Elevators Slip and Release Pipe onto Worker Below
A 21 year old male oilfield worker died from injuries suffered when one of the drilling rig elevators unexpectedly disconnected from a length of pipe being lowered onto a pipe trailer during removal from a well for conversion from a pumping well to a submersible well. The oil field worker was operating the drilling rig elevators in a position directly below the pipe when it fell, striking him in the head.
The oil field worker was working with his brother in a family-run operation, and was not wearing a hard-hat at the time of the accident. No-one at the scene was trained or proficient in first aid.
The drilling rigs elevators that were in use at the time of the accident had released unexpectedly 1Â½ week prior to that occurrence, while the victim was using them on a similar operation. The victim had not reported the deficiency to his brother, who owned the well service company. The drilling rig elevators “hold” through a balance of springs and pins that maintain pressure against the tube that is within their grip. The parts wear out over time, and these elevators had been in use for some 15 to 20 years.
The co-worker notified the nearest ambulance service about 11 miles away from the accident site. The ambulance, Sheriff, and a registered nurse from a health-care facility responded, preparing the victim for transportation to a hospital approximately 40 miles from the accident site. After being stabilized, the victim was sent by air ambulance to a larger hospital over a distance of 136 miles. The oil field worker died in the Emergency Room from severe traumatic brain injury approximately 21 hours after the drilling rig accident occurred.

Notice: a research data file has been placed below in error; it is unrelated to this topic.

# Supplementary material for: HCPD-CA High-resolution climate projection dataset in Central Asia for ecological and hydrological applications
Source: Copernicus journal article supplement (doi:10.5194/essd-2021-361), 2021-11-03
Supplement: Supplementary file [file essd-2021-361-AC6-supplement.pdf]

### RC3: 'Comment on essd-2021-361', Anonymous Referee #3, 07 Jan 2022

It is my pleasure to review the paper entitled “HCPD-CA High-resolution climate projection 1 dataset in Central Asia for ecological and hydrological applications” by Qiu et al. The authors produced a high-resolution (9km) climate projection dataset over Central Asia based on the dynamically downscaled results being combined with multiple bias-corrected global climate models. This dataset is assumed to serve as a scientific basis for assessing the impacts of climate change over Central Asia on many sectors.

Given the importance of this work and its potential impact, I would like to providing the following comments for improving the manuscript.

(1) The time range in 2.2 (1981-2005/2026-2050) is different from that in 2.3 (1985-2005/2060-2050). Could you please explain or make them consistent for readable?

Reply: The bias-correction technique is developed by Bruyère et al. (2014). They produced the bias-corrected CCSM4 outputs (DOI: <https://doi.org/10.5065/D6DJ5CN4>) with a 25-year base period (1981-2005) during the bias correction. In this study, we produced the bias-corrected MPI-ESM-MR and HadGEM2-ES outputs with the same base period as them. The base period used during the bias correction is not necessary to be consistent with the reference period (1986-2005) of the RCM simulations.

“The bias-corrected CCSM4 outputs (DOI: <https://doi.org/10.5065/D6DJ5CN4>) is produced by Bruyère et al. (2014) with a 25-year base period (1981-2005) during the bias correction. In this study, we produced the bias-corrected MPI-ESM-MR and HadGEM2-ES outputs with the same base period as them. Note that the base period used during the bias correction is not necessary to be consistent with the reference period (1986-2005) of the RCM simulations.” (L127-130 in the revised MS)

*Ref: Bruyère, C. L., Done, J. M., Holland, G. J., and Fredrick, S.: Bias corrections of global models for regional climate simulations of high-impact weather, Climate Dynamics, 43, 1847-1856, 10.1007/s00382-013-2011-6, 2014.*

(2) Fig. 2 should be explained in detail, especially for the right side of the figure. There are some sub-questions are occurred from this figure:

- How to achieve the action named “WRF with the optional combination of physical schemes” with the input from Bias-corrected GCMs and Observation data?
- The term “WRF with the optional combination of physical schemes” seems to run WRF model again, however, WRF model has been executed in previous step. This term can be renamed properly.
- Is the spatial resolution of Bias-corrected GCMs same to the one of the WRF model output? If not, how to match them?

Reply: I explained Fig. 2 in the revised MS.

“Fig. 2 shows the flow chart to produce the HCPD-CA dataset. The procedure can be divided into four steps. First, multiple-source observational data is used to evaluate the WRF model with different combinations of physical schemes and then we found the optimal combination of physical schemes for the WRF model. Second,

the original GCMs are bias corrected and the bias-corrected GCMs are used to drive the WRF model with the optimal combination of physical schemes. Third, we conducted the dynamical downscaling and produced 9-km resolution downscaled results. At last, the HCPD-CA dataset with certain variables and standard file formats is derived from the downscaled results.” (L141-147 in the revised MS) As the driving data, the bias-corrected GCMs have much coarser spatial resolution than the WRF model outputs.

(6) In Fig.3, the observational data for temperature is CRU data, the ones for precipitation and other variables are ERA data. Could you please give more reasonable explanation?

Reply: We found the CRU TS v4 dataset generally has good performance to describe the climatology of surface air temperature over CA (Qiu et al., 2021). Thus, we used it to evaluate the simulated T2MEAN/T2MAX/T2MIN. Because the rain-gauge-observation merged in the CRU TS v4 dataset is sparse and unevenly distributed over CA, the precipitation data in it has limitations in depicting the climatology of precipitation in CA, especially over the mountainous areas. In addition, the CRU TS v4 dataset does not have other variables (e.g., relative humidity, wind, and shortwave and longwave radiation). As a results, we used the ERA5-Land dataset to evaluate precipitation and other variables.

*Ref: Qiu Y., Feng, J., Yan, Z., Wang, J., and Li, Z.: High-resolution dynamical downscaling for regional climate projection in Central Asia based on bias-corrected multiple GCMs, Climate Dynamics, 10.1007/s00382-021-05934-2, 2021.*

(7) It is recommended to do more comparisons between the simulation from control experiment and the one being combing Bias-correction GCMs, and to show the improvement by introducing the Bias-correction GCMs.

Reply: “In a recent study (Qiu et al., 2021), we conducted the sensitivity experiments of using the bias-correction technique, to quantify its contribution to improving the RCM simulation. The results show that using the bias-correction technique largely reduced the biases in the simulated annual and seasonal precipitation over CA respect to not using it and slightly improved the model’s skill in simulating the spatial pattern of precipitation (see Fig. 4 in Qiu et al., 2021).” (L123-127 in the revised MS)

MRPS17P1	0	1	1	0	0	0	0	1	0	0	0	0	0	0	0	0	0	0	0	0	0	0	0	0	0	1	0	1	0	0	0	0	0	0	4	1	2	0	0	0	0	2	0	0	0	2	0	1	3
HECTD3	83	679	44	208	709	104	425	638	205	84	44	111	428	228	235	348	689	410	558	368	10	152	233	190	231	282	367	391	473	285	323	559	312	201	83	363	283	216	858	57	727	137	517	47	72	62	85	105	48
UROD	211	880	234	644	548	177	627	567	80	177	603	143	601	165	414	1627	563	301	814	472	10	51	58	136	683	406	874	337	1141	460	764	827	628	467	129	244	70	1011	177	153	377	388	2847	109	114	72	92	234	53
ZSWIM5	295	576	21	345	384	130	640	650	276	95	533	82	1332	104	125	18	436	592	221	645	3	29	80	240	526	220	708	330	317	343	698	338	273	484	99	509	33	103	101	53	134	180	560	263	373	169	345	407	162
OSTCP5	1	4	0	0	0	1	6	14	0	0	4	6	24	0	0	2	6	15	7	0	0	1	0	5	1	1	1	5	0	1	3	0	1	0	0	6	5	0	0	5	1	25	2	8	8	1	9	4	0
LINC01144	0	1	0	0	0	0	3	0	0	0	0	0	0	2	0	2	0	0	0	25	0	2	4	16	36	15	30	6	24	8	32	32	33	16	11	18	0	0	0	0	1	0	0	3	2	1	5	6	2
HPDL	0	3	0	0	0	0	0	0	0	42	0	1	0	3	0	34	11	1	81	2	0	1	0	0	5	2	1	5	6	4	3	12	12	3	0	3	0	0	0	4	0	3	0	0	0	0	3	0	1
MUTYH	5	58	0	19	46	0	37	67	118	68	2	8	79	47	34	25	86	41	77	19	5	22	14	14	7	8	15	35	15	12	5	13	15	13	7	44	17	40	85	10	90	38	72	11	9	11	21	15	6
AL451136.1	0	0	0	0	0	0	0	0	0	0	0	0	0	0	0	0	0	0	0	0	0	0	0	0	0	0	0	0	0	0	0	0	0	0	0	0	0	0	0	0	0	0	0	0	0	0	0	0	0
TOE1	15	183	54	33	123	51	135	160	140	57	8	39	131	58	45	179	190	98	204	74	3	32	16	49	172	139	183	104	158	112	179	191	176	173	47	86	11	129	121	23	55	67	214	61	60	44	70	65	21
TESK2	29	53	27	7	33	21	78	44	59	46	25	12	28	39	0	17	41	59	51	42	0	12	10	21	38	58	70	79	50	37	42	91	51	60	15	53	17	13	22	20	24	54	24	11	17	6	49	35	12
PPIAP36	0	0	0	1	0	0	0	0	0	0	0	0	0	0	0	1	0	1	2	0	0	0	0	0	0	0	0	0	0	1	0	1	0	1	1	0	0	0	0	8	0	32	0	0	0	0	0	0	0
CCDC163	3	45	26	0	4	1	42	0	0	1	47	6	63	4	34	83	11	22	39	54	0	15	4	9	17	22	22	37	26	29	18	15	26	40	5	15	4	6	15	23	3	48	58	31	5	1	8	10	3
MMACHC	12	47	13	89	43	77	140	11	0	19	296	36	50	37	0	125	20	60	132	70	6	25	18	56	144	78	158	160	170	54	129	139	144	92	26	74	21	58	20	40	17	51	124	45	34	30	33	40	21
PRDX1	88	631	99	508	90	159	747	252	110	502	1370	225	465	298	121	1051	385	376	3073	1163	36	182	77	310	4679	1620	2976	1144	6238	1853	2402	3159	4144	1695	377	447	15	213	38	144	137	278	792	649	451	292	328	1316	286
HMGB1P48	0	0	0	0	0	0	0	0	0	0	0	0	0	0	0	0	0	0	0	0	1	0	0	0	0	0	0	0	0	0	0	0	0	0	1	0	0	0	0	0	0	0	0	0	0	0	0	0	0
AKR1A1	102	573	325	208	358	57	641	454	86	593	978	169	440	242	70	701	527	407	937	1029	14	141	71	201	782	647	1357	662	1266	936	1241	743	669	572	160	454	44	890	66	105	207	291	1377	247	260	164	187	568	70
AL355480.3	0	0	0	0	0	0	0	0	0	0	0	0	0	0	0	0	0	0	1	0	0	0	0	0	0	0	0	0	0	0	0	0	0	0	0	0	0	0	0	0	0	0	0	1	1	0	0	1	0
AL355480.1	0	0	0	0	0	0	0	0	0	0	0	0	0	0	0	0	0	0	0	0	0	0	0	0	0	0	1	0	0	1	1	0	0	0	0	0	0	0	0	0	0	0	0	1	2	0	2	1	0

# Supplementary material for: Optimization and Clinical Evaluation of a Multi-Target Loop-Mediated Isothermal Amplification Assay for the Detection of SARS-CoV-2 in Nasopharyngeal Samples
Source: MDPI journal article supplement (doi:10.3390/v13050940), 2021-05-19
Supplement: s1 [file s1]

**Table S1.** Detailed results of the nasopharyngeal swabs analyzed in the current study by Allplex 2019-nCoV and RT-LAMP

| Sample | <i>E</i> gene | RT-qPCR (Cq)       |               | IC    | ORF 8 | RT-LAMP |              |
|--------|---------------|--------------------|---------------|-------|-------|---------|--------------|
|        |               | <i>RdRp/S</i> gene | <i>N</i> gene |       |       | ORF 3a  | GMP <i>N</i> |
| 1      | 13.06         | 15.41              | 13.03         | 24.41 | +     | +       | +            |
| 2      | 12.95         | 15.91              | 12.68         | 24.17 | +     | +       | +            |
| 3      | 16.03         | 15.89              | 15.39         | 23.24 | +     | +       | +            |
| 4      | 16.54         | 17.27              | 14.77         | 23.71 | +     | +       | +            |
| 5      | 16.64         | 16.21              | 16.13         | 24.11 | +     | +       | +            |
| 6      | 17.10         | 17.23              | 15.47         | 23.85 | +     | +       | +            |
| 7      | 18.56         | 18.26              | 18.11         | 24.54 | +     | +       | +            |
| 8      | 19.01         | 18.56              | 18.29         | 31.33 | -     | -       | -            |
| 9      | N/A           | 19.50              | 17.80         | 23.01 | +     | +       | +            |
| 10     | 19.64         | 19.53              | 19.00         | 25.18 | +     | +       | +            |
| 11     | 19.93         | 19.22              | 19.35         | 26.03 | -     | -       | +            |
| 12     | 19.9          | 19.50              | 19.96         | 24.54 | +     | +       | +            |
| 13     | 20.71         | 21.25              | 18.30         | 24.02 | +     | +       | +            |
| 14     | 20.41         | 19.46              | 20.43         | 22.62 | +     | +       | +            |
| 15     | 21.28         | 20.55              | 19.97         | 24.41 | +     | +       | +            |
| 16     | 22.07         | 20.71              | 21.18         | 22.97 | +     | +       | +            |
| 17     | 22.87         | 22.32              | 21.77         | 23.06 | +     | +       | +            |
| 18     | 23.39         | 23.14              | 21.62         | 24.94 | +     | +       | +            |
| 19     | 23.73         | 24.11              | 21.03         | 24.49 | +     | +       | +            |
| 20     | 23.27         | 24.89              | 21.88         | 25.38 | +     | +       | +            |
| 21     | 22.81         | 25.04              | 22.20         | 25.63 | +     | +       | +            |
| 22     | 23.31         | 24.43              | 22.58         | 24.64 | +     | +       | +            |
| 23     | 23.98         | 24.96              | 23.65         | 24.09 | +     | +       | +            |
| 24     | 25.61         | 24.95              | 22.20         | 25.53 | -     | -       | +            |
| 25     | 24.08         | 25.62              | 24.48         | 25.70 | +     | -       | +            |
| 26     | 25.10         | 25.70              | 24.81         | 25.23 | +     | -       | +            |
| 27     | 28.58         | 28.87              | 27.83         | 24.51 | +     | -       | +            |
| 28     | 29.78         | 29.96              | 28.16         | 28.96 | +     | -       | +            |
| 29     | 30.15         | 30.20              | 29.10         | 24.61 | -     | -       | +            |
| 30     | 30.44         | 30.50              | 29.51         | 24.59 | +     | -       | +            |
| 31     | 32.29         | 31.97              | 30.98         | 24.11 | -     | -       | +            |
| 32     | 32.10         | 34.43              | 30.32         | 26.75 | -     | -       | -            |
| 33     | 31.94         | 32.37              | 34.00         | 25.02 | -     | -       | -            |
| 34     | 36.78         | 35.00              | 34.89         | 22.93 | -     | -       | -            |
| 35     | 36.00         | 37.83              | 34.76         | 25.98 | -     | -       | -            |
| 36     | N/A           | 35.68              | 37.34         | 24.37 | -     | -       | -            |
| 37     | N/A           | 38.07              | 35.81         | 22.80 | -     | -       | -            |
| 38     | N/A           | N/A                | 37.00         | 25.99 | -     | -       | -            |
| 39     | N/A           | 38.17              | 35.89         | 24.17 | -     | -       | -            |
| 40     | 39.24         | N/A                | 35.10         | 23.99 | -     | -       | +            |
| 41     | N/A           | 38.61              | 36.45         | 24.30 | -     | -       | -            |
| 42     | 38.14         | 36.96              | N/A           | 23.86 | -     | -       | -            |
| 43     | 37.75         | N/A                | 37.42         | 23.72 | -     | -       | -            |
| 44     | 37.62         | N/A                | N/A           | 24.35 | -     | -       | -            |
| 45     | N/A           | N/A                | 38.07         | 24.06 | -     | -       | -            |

OSHA Report on Drilling Rig Accident
According to OSHA this oil rig death could have been prevented. This accident could have been prevented by reporting and repairing or abandoning use of the elevators after they had been seen to have intermittent slippage or uncontrolled release. The victim himself was aware that they did not always hold and held the responsibility for reporting and correcting the problem some time prior to the fatal accident. Additionally, OSHA stated that hard hats should have been worn by the persons working around elevated tubing, and signs should have been posted by the company as reminders of the need for appropriate personal protective gear at the accident site. In conclusion, the operator controls for mechanisms involved in the raising and lowering of tubing from a downhole should be located in a sheltered area where the operator is protected from falling equipment. Fall of elevators, pulleys, tubing, and other items from elevation in drill rigs is somewhat common in drill rig operations and should be considered both hazardous and probable by the persons working under such elevated equipment and the use of wind guy anchors should have been used in the drill operation, particularly in the face of low temperature, high wind conditions that existed at the time of the drill rig accident.
Drilling Rig Accident Lawyer
If you or a loved one have suffered a serious injury while working in the oil field or on an oil rig or in the oil & gas production or pipeline industry, then you may have a right to file a lawsuit case against the responsible and negligent parties involved. Call now and get your questions answered. Talk to a Board Certified Personal Injury Trial Lawyer FREE CONFIDENTIAL CONSULTATION at 1-800-883-9858.